This year, Yasmin Mogahed fever swept Sydney. Her whirlwind tour drew packed audiences consisting of people from all ends of the Islamic spectrum. Like most people, I’d subscribed to her Facebook updates and read her much-touted book ‘Reclaim Your Heart’. I dutifully bought my tickets, and on the night I turned up with my mum, ready to be dazzled. But on the night, I found myself growing steadily more annoyed. I wasn’t annoyed at Yasmin Mogahed; she seemed like a warm, sincere person. I was annoyed that we even needed her message, that we cheered it as though it was revolutionary.
For those who don’t know, the Yasmin Mogahed message is simple. It’s all about the heart, and making it a fortress of love for the Creator and not the Creation. It urges people to recognise that the real love story of life is not with ‘the one’, but with The One. It stresses that all love must be for the sake of Allah swt and that any love which neglects that will ultimately be unbalanced and destructive. It recognises that love is beautiful, but stresses that its beauty is temporal. Obviously it’s all put a lot more eloquently than that, but you get the gist.
The crowds lapped it up. People I’d never seen attend any Islamic events before attended en masse, and then some. But I was wondering when this had all become news to us. Hadn’t we always known that romantic love was invented to sell Hallmark cards? Wasn’t it as clear as daylight that we weren’t put on this earth to find the one, considering that we already had The One, The Almighty Creator?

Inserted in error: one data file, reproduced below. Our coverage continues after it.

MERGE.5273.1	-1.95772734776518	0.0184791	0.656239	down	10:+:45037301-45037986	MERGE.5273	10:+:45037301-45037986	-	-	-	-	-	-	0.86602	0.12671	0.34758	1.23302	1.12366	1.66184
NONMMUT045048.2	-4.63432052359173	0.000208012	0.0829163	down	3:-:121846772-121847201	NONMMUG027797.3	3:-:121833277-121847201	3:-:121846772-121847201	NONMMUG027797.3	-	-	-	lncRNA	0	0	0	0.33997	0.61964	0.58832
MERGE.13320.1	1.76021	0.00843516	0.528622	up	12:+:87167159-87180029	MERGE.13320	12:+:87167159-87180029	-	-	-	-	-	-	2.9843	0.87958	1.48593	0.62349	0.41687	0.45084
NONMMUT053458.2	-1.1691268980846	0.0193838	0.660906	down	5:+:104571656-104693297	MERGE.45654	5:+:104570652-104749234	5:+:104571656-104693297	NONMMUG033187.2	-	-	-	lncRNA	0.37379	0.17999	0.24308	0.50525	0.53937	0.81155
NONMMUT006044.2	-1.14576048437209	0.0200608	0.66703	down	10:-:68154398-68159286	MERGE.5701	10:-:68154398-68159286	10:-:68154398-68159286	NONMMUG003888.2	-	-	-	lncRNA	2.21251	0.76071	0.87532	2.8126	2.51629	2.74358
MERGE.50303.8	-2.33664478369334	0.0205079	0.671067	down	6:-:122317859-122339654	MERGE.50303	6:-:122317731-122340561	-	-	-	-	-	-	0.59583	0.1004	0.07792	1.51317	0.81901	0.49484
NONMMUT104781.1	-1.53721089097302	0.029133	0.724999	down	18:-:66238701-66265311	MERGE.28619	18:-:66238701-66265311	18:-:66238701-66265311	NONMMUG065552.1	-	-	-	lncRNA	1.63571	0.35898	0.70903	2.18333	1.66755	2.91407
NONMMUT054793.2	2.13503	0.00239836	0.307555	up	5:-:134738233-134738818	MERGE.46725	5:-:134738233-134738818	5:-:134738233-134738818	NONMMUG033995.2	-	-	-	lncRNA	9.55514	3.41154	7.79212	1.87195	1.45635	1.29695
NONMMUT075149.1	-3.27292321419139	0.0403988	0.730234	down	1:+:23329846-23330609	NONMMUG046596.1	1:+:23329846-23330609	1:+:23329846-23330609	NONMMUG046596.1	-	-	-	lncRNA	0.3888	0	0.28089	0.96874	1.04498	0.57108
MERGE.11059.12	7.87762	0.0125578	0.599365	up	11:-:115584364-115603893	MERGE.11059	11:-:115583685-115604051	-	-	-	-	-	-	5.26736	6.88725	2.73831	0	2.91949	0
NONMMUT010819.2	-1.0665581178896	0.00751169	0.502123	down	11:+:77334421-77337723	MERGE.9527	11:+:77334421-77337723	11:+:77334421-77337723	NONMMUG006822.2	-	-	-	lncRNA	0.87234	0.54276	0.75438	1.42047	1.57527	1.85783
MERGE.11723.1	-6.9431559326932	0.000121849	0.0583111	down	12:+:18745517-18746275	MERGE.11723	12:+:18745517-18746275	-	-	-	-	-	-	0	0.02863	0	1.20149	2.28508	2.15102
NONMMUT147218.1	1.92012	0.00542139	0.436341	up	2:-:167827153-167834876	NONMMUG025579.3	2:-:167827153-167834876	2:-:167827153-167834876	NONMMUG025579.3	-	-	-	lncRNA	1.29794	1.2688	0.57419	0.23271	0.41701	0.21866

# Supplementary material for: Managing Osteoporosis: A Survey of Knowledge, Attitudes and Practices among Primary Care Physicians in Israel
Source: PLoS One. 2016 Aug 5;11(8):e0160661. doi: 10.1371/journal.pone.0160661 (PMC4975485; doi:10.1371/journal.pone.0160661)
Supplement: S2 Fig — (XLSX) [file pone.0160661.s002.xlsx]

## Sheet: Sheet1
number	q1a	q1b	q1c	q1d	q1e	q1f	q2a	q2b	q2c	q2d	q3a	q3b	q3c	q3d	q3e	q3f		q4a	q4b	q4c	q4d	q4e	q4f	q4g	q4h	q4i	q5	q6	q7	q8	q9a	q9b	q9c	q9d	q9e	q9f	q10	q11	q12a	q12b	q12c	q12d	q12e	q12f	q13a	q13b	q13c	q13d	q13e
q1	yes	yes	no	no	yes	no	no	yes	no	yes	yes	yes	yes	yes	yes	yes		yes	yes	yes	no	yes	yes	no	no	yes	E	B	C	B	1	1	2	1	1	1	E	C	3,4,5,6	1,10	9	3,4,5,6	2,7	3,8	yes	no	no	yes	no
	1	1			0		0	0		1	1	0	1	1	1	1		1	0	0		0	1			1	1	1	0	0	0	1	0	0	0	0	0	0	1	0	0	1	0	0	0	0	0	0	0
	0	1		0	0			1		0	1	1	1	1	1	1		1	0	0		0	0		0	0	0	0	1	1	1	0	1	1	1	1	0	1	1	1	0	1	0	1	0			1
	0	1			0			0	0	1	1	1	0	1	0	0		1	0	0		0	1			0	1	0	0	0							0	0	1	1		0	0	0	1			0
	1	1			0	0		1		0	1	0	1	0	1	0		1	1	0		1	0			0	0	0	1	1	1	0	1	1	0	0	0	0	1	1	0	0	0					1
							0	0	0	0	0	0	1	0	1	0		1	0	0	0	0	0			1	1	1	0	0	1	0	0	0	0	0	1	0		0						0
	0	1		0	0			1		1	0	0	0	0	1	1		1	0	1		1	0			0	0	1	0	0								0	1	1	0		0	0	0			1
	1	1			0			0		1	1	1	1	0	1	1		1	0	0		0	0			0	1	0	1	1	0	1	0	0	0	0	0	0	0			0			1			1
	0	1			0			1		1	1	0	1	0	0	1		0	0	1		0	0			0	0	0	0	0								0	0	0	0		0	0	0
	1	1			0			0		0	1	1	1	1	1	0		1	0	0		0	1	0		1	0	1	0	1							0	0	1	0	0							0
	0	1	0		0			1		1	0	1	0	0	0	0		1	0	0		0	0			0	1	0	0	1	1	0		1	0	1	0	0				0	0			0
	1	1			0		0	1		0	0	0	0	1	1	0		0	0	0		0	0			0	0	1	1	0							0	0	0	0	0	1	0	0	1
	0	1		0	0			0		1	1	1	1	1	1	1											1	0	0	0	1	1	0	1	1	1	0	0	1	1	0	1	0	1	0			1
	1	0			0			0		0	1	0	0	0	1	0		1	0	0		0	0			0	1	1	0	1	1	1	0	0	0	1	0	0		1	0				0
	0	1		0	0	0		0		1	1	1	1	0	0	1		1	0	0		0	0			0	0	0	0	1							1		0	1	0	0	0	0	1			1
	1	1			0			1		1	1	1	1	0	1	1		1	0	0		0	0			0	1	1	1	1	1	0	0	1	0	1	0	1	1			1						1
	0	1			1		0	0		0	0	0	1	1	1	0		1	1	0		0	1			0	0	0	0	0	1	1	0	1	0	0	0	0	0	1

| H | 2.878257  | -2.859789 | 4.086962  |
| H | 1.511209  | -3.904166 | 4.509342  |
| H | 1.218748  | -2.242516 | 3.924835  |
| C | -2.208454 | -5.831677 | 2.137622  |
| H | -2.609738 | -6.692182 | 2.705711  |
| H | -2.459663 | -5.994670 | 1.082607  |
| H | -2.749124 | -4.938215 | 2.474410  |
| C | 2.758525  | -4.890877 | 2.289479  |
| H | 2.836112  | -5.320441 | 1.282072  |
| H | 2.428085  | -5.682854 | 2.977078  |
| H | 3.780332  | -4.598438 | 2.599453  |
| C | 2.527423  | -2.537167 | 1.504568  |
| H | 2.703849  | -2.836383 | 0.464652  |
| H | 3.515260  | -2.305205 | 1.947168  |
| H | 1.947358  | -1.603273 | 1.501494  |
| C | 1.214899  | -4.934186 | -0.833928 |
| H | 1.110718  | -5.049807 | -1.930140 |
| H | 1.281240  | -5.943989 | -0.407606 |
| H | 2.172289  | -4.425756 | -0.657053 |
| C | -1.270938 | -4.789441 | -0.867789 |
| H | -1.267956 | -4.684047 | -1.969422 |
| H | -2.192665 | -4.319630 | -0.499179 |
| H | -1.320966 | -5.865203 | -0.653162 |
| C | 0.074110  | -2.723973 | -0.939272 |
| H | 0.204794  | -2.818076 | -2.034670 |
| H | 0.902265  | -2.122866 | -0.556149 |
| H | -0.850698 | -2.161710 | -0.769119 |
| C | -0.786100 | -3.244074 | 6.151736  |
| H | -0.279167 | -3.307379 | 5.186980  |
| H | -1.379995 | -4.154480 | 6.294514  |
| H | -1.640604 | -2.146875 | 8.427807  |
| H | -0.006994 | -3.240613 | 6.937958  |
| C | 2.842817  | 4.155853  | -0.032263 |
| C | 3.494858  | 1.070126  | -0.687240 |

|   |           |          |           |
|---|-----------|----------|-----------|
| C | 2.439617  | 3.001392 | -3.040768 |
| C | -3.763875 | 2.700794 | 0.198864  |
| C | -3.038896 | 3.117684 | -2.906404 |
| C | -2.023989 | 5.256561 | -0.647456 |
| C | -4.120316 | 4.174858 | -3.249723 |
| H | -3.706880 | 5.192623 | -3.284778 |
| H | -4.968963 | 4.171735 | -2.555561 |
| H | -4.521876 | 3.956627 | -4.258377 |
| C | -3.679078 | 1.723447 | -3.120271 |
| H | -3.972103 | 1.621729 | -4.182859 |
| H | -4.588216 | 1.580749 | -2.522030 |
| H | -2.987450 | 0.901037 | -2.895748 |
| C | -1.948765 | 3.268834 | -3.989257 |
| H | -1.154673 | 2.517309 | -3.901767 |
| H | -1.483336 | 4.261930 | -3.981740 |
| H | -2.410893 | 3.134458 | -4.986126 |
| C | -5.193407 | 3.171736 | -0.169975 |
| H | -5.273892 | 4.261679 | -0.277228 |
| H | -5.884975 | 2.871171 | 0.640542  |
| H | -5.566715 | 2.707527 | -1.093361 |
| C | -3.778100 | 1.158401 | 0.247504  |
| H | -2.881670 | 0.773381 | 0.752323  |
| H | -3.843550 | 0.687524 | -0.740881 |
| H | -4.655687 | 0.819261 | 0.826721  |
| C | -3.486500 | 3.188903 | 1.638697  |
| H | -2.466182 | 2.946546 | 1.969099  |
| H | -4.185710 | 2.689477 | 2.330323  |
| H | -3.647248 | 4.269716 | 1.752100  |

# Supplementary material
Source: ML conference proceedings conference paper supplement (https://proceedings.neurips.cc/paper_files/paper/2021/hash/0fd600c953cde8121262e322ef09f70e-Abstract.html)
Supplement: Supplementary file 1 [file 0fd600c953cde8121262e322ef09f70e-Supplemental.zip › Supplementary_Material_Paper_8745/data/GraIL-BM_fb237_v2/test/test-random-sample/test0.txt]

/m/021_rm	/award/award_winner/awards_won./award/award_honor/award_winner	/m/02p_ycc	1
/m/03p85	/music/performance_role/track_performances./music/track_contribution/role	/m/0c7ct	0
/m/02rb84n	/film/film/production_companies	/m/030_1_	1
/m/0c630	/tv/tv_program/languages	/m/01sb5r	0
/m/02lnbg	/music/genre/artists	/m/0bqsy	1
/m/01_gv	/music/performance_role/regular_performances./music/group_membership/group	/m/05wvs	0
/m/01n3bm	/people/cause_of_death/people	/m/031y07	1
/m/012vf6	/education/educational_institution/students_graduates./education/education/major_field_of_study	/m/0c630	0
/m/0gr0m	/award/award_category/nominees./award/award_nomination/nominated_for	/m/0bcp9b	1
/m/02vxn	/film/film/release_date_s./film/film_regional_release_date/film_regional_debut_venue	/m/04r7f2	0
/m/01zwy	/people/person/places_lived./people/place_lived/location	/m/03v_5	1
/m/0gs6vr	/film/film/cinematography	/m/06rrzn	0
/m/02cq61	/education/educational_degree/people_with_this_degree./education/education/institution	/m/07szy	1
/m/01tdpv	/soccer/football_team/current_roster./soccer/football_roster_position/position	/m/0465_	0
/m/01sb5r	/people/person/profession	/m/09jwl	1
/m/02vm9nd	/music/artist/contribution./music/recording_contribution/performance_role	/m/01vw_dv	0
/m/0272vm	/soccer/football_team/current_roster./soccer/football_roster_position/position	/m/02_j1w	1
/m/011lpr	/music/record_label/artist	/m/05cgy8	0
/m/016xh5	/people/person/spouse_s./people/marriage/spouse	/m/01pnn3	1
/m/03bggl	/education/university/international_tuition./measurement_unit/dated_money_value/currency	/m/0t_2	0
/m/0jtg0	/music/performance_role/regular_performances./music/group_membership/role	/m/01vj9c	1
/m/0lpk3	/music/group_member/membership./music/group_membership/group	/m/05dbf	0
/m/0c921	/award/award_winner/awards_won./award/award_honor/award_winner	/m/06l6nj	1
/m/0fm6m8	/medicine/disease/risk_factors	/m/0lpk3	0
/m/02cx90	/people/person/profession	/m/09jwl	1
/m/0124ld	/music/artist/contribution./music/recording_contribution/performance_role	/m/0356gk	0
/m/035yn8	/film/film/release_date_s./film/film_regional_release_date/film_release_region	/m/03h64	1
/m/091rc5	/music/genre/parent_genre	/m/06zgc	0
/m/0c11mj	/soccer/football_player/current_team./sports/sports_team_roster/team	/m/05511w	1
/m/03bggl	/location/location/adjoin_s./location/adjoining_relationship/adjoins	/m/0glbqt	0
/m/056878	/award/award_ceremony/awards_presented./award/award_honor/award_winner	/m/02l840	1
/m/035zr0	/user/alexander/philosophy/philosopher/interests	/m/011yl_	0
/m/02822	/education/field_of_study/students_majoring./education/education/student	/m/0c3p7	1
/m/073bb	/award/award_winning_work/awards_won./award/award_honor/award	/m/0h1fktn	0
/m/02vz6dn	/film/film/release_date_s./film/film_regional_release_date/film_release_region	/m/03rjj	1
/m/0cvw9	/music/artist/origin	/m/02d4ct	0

The answer to both of those questions is yes, but it’s a little more complicated than that. It’s easy to recognise on a rational level that love isn’t all you need, that love won’t set you free and that pretty much every other song lyric on the planet is a hyperbolic mess. But the thing about love is that it often exists outside of the realm of rational thought. It may intersect and overlap with rational it, but it lives and breathes its own independent life. This is why we refuse to abandon ship even when the ship is going down like the Titanic. We cling on to an idea, watering it and pruning it even where the seed itself is unhealthy and rotten. We don’t need to get stabbed; we push the knife into our own chests easily enough.
The ‘traditional’ method of meeting a partner aims to mitigate the crazy, stupid nature of love. It starts with the rational premise that two people are compatible on paper and love will naturally follow where compatibility exists. People don’t need to be set up to recognise that this is a sensible way to go about things. Even where parties aren’t following the ‘traditional’ method, they nevertheless complete all the box-ticking exercises on their own. They do the questionnaires, dispassionately observe each other in different environments and talk to each other in friendly yet restrained tones. Muslims are trained to hold back, to say ‘whatever happens, it’ll be for the best’. Some of us even believe it. If it doesn’t work out, many of us can convince ourselves that Allah swt has a greater plan for us.